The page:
Karma, Death, Dust

Redrocks on a cloudy day.

A new study has show that Covid-19 is indifferent to right-wing invective about masks, social distancing, and personal freedom. This study, the September 26th Rose Garden ceremony for the nomination of Amy Coney Barrett to the Supreme Court, showed that if you seat 150 sycophants shoulder to shoulder, most without masks to flatter a reckless narcissist, many of them will contract the virus and spread it. Even the idiot in charge. The virus does not cater to ideology. It does not need to be believed, it only needs to feed.

As news and the virus spread, the word “karma” began trending online. If only karma were real. Sadly, Trump is likely to survive. The November 3 election will likely end in chaos as Coronavirus deaths rise with colder weather. As I write, the United States faces the possibility of election violence and the Republican party’s refusal to cede power. A recent article in Politico claims that 18 percent of Americans strongly favor authoritarianism and another 23 percent are disposed to supporting an authoritarian leader if that support is cultivated. Those of us on the Left must be ready with an organized response.

I’ve taken to walking Max at Redrocks this fall, a dramatically wooded park with high cliffs that define the northeast edge of Shelburne Bay before it merges with Lake Champlain. The wide paths wind through the park, shrouded by evergreens, beech, and maples. At the southern end, a vista looks down onto the bay. On this particular morning, the spot was unoccupied, the bay’s surface unusually placid. Heavy gray clouds hung in bunches like genetically engineered grapes. A hot bag of dog poo in my left hand, leash in my right, I took it all in, appreciating that my freelance schedule allowed for such soothing walks. I remembered telling my partner that someday, she would spread my ashes in the bay.

Having spent many wonderful moments here with friends and family. I know the trails surrounding the bay by memory and have spent many afternoons and sunsets on its waters, sailing on a friend’s boat. What better natural landmark to pollute with my carbon?

Reflecting on death need not be morbid. I have a few decades left, most likely. As a foil, death brings perspective, sharpens your focus about you past and all that you have left to do.

Consider this part of my will then. If I die in summer and the water has warmed up, would someone please dive into the water with me in a waterproof bag, burned to a fine powder? They should dive down to where the water turns colder. Their ears will feel the changing pressure. They should open their eyes and see their hands reflecting the sunlight against the algae green of the deep water below. They will feel and hear only water as they undo the bag and turn its contents out into the bay, watching the cloud that was me darken and dirty the water, drifting to the bottom so that another life form can use me, perpetuating this strange affair. When they cannot hold their breath for any longer, they should float up, following bubbles to the surface where they will take in a giant breath of air and do something wonderful with it.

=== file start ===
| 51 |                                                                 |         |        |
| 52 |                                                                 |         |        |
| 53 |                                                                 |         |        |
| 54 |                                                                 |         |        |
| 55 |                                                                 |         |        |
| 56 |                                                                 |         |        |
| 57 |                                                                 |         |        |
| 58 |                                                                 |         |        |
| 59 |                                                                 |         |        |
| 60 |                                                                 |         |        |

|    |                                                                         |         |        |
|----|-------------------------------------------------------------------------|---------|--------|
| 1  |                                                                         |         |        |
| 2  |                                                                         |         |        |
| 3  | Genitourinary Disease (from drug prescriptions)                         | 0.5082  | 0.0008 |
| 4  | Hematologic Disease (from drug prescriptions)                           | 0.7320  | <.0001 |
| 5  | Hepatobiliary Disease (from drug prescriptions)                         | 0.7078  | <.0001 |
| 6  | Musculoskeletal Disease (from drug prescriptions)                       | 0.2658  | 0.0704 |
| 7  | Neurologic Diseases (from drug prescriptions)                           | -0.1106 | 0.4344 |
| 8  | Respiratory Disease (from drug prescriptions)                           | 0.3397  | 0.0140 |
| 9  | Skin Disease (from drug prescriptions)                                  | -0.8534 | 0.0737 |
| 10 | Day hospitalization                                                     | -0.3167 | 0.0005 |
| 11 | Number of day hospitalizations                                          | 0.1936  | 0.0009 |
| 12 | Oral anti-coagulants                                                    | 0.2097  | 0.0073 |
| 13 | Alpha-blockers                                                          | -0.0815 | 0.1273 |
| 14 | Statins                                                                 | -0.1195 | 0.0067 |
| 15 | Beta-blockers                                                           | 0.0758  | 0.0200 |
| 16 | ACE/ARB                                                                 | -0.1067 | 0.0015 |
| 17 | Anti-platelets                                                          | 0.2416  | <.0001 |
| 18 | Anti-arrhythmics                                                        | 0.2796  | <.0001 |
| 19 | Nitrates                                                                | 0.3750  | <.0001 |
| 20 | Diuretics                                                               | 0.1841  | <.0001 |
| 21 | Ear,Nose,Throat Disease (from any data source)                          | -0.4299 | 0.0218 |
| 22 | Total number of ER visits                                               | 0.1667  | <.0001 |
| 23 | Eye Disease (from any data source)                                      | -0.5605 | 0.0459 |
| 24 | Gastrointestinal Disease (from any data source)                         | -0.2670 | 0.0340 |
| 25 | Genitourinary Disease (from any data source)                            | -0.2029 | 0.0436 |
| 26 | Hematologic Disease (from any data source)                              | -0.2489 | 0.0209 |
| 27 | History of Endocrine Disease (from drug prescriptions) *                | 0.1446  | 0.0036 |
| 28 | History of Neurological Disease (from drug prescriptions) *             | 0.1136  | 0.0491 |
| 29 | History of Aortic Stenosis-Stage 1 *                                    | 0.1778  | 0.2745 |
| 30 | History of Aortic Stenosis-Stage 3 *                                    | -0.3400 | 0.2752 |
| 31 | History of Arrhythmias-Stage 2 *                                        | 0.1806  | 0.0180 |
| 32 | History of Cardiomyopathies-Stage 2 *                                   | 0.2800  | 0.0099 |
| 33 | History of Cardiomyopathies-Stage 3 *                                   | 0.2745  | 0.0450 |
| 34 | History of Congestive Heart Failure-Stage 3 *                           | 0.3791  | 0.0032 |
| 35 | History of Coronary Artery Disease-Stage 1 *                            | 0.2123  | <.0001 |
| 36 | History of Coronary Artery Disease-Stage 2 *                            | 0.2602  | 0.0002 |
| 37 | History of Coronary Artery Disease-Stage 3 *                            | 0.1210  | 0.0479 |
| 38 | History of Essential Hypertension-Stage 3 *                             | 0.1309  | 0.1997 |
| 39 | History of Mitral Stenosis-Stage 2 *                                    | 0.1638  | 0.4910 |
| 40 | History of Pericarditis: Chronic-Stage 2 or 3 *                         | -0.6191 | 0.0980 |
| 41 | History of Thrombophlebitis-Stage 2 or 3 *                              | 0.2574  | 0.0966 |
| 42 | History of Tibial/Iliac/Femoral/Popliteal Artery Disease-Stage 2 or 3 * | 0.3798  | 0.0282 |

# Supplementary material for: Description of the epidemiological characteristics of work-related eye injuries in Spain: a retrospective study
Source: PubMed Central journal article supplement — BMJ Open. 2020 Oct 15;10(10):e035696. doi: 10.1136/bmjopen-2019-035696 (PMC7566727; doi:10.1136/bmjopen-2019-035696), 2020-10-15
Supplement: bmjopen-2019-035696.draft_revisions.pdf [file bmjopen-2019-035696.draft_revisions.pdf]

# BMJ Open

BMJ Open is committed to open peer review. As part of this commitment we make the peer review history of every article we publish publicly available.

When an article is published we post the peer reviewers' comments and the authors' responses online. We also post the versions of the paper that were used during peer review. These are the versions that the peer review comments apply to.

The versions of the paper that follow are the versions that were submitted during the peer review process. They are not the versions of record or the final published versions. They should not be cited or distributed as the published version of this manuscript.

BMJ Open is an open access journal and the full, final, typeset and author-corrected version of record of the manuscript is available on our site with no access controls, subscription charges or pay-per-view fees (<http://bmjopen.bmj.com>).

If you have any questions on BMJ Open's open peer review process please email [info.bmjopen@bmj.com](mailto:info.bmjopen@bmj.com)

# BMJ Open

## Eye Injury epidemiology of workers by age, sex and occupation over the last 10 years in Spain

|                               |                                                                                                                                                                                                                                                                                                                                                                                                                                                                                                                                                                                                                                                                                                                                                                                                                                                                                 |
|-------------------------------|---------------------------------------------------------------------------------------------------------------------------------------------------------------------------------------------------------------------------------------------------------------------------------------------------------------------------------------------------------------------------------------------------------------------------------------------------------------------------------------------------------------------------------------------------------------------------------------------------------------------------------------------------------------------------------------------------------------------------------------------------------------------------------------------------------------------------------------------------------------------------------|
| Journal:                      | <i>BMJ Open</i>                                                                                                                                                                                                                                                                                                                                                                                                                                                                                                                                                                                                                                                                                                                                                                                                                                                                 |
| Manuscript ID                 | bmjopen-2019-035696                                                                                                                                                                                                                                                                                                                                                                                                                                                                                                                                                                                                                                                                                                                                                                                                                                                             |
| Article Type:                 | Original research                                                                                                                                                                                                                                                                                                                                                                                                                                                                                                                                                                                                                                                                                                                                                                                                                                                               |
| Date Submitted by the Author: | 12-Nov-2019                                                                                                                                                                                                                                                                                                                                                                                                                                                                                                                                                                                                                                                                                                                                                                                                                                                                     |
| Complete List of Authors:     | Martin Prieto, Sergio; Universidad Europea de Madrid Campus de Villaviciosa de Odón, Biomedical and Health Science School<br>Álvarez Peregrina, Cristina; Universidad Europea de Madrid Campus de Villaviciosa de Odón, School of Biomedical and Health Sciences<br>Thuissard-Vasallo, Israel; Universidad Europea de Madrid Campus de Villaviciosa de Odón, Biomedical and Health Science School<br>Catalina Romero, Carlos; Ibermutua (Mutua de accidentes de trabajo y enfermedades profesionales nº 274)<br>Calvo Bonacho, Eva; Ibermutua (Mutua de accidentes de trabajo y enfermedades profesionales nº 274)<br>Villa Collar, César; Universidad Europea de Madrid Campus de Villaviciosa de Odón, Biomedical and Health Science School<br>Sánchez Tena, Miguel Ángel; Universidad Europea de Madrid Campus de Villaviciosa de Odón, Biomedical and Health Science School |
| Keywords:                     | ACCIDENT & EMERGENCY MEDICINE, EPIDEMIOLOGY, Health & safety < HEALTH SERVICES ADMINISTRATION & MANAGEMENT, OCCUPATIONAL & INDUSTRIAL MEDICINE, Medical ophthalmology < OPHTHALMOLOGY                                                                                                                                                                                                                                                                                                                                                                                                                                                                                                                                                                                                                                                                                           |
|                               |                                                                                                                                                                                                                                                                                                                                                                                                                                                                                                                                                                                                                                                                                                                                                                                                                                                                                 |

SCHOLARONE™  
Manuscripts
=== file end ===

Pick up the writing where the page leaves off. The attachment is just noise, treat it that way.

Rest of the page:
Looking west from the top of Shelburne Bay
Looking west from the top of Shelburne Bay

If I die in winter, the overlook in Redrocks will do. This version requires small paper bags, the type you might find in a candy shop. My ashes could be divided up so that anyone who turns up could play a part. I would be flattered. Of course, this might be a single case worker who drew the short straw. Please have on hand a sling, the kind Palestinian youth use to hurl stones at Israeli tanks. You might have to add a stone to each bag. Place me in the sling and spin me round and round. Launch me into the air and watch me break the surface 20 meters below. Wait until the ripples disappear, then look to the south, where I’m from.

I think I know who will be there. I will have considered myself lucky that each of you were in my life. For our relationships are what matter, more than the ever-changing combination of carbon, hydrogen, and oxygen atoms that make us physical. We are each a shared collection of memories, intentions, and emotions, an open inheritance that needs no executor, only connection. The collection is portable and weightless.  The dust you can leave at the bottom of the lake.